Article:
Mediocracy vs meritocracy
November 21, 2016 § 20 Comments
Aristocracies or ruling classes are typically composed of fairly mediocre ordinary human beings, and that is all for the best. Everyone seems to assume that we need political leaders and popes who will be the best of the best, who will make our countries great again and meet our own special snowflake Current Year challenges as great leaders.
But genuinely great leaders are mostly a big problem, because every mediocrity who inherits a position formerly occupied by a genuinely great leader inevitably winds up all full of himself.
Having midwit leaders – and the great majority of people in authority are and always will be midwits – who aspire futilely to greatness, is an endless source of trouble. A few truly great outliers here and there may pull off a temporary innovative greatness, but that just sets us up for a variation of the apex fallacy applied to self assessment on the part of leaders in general. Once we’ve set the precedent of having a great leader here and there, every ordinary midwit of a leader starts to think of himself as a really important man in a really important position building a really important legacy.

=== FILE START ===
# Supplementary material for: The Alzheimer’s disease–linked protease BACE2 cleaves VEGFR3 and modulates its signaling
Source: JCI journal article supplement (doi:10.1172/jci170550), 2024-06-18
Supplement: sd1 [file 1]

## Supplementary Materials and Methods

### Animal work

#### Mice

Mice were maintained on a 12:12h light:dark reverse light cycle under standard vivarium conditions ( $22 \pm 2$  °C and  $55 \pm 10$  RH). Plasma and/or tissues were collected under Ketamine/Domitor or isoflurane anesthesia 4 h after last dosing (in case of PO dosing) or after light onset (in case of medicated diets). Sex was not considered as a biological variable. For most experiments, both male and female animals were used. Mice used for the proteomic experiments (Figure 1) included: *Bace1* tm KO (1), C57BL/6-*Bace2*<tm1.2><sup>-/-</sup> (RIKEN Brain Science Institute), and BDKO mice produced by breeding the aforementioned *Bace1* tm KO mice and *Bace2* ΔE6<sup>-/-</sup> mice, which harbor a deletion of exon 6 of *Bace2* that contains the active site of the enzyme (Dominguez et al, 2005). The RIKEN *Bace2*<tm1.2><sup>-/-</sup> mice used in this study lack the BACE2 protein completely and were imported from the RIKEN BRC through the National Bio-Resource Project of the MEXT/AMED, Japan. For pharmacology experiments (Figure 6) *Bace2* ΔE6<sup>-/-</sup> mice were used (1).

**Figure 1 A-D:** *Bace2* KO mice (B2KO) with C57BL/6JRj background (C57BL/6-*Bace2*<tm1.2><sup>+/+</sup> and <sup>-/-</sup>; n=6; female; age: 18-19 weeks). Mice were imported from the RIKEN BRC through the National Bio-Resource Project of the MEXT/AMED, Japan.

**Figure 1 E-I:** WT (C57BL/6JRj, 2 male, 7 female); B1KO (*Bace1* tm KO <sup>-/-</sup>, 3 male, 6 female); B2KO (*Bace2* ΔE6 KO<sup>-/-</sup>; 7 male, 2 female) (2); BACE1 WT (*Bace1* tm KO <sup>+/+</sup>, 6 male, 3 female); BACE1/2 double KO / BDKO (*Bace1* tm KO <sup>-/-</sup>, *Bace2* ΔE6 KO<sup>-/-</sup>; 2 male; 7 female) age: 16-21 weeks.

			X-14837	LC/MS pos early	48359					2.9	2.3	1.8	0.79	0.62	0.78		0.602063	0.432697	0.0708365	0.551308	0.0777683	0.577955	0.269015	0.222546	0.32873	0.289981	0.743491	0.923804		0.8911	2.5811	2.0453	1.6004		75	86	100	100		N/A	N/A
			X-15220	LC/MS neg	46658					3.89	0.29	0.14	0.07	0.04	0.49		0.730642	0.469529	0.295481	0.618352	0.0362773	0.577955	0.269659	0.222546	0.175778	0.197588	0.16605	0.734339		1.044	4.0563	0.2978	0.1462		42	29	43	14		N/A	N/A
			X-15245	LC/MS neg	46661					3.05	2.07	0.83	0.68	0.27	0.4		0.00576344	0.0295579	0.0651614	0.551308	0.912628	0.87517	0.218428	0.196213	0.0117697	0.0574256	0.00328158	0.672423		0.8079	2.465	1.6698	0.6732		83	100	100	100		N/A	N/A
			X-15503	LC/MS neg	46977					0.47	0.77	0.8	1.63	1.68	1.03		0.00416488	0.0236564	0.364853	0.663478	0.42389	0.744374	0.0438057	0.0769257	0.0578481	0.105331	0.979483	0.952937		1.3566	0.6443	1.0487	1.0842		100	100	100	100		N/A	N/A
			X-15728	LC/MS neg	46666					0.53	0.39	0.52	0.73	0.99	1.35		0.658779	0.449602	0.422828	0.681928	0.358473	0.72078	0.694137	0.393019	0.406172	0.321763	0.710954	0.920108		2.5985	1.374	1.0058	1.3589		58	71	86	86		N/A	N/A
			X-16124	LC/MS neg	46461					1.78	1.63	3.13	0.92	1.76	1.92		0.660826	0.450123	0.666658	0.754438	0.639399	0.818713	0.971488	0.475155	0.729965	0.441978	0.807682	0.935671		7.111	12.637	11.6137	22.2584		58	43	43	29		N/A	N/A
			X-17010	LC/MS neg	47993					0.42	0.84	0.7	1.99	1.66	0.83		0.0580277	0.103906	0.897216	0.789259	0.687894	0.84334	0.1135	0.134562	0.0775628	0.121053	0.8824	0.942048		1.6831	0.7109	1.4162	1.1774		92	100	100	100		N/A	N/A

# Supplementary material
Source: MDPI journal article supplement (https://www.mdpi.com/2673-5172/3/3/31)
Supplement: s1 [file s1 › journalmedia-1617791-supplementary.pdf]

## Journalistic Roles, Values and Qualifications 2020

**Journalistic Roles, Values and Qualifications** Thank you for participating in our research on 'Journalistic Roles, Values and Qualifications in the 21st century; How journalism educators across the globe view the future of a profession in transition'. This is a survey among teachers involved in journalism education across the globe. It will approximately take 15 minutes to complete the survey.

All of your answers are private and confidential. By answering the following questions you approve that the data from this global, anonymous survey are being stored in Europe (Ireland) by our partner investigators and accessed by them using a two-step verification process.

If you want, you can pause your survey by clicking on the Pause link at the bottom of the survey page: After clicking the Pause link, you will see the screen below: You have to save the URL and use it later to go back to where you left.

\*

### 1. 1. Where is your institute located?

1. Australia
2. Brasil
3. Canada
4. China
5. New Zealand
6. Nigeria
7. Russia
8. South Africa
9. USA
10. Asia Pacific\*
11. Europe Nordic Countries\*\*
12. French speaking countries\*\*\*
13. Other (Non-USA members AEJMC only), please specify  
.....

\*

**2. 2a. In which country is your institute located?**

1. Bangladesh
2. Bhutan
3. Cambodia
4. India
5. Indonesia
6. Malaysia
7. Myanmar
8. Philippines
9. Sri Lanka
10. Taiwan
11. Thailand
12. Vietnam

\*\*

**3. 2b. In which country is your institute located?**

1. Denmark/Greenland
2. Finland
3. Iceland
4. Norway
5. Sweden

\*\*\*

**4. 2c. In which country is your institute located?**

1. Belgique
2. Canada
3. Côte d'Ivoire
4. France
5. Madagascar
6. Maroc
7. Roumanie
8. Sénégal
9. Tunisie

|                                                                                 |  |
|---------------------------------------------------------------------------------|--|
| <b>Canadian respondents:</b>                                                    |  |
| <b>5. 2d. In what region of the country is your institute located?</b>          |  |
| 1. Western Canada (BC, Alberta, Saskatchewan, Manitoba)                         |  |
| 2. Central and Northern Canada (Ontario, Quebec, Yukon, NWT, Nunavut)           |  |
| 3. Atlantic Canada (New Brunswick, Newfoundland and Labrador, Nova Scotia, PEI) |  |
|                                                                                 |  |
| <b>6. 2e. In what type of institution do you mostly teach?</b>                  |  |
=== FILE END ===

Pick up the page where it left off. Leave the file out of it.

Most of the greatness needed for the maintenance of civilization does not involve innovation, creative destruction, and the like. The kind of greatness which is important for the maintenance of civilization occurs when ordinary people rise up in defense against existential threats to civilization.
The main purpose of a Pope is to reiterate and defend the clear and eternal verities of Church doctrine (something any properly educated orthodox Catholic high school student can do); and otherwise to just not screw things up. Anything beyond that is likely to do more harm than good.
And the same sort of thing applies to aristocracies in general. The basic purpose of an aristocracy is to preserve its inheritance, including the common good of the community of which that inheritance is an integral part, and otherwise not screw things up. So aristocrats need proper indoctrination in how wealthy and powerful civilized people must behave for the common good: a good aristocracy, that is, requires not genius or intrinsic greatness in its human raw material, but proper civilized cultivation.
This cultivation should include constant lessons in not overestimating one’s self importance just because a genuinely great man used to fart into the same seat cushion.